Geographical variability in healthcare utilization has become an important field within health services research in the last decades. Variation in medical practice studies aim to elicit systematic and unwarranted variability. As for the first goal, the efforts focus on ruling out randomness and on determining whether rates are consistent within a region and over time. In turn, drawing out unwarranted variability, differences in epidemiology (i.e., population's need) must be discarded.

With regard to the analytical approach, classically referred as Small Area Variation Analysis (SAVA) [1,2], it is based on the calculus of age and sex standardized utilization rates at population level derived from counts (procedures, hospital admissions), the estimation of several statistics of variation [3-7] and the representation of standardized utilization ratios on maps, describing patterns of "risk of utilization".

Studies based on SAVA have documented dramatic variations in the use of medical and surgical procedures across areas, but this analytical approach has some limitations in the estimation of systematic variation and, above all, the assessment of the underlying factors of such unwarranted variation. Among the most important ones we may highlight that age and gender are not always good surrogates of population's need [8], age groups or genders might have a differential behavior with regard to the endpoint of interest across regions [9], latent factors may not affect homogeneously to a given subgroup of population within and across regions [10], and finally, low rates or small populations might drive to imprecise results [6,11].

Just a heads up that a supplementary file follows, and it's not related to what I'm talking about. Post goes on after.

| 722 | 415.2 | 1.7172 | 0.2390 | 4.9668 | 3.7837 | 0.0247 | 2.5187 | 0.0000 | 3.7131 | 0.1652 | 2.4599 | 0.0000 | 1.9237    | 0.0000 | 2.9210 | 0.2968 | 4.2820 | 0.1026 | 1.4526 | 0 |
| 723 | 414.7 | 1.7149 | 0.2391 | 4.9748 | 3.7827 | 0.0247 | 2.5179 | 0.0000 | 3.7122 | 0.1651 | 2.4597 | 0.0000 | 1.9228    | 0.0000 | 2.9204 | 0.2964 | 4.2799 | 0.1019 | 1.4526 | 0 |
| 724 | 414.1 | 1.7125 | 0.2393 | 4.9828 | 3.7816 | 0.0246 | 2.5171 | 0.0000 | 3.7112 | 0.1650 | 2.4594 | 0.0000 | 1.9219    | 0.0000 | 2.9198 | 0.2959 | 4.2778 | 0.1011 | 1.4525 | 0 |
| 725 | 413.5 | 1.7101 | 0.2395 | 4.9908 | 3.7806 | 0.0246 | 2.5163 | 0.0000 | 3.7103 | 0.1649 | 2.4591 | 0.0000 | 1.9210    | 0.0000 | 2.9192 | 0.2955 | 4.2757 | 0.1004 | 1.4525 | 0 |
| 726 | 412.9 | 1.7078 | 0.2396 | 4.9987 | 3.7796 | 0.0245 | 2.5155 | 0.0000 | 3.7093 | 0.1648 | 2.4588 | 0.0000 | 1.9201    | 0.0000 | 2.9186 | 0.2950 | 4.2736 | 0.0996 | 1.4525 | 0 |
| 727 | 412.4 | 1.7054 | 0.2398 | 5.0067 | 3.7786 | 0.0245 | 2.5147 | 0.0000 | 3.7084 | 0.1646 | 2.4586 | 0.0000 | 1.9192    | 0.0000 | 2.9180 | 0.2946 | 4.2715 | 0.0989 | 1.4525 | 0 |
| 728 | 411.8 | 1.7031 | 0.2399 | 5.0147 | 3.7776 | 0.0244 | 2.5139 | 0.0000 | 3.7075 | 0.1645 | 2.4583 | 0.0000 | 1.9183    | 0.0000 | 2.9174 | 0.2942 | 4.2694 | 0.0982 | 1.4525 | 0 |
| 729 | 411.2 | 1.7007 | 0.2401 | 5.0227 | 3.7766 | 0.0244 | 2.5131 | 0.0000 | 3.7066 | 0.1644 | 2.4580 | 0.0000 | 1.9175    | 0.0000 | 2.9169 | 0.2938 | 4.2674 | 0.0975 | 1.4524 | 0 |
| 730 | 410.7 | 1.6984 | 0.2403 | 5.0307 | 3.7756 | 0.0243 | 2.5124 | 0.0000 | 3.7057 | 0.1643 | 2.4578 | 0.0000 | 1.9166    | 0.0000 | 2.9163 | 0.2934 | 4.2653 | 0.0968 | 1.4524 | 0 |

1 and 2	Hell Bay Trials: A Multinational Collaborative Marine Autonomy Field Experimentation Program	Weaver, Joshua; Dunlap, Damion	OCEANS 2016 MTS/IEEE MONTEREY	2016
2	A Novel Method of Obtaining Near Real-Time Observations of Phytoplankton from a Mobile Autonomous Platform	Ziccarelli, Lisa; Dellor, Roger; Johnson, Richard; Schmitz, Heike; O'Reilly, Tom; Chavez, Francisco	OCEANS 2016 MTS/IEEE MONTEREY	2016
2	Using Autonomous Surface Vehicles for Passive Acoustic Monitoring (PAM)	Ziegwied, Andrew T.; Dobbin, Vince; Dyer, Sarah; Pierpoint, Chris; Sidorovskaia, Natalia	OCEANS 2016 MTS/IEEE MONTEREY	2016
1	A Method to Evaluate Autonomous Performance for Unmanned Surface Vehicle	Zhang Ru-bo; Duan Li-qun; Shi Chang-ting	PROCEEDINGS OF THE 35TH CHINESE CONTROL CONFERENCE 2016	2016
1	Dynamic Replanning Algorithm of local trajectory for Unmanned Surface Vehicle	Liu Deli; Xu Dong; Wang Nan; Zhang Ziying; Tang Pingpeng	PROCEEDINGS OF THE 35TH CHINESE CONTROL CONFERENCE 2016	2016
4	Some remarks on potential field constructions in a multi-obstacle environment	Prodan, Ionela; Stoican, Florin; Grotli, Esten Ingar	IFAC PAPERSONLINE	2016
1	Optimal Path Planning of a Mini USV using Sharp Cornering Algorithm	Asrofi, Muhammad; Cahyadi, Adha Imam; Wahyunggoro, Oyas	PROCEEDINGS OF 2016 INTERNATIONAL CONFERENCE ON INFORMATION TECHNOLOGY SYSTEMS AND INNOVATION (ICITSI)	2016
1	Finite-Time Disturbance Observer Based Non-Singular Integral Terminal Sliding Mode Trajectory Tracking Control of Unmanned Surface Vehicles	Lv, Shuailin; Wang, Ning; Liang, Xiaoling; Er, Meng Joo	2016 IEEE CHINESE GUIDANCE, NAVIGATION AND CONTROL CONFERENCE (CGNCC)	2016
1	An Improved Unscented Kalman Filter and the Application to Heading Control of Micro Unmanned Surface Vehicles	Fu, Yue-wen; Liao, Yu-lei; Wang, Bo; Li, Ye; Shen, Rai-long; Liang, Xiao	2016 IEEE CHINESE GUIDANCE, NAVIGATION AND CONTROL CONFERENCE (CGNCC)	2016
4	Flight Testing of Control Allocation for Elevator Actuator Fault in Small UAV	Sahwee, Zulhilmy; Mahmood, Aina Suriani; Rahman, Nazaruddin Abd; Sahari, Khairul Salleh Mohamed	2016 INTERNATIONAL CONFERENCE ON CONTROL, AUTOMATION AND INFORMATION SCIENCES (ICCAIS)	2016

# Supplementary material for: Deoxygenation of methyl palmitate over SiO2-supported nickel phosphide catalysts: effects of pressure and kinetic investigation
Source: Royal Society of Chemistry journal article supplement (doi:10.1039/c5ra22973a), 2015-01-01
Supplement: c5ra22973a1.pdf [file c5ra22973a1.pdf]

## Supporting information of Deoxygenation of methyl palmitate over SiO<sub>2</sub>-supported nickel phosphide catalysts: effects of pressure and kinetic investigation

Some of these hindrances have been considered as a subject of study in the "disease mapping" framework, an epidemiological methodological approach used to describe and model geographical variation in disease risk and/or health outcomes, particularly the so called Shared Component Modelling (SCM), an extension of the most frequently used Besag, York and Mollié model (BYM) [12].

SCM is based on the idea that many diseases share common risk factors (i.e. latent factors); as a consequence, if similar patterns of geographical variation of related diseases can be identified, the evidence of real clustering could be more convincing. Later on, it was extended to more than two diseases [13], and showed to be more accurate than the use of independent disease-specific modelling. Subsequent works, that have compared the SCM with others, such as ecological regression or other multivariate conditional autoregressive models showed that its properties regarding precision estimates and goodness of fit, evidence it is a valuable extension of individual analysis [14-16]. Furthermore, it can be applied not only to related diseases [17], but also when analyzing deprivation domains [18], gender differences [16] or even comparing the evolution of the geographical gender differences over time [10]. The main idea of SCM is to borrow information from related diseases and health outcomes to strengthen inference, allowing to identify specific and shared (common to both) spatially-varying risk factors for each disease. In that way, it is possible to quantify the expected variability related to shared-risk factors and to tease out from the residual variations-specific patterns associated with each of the diseases under research.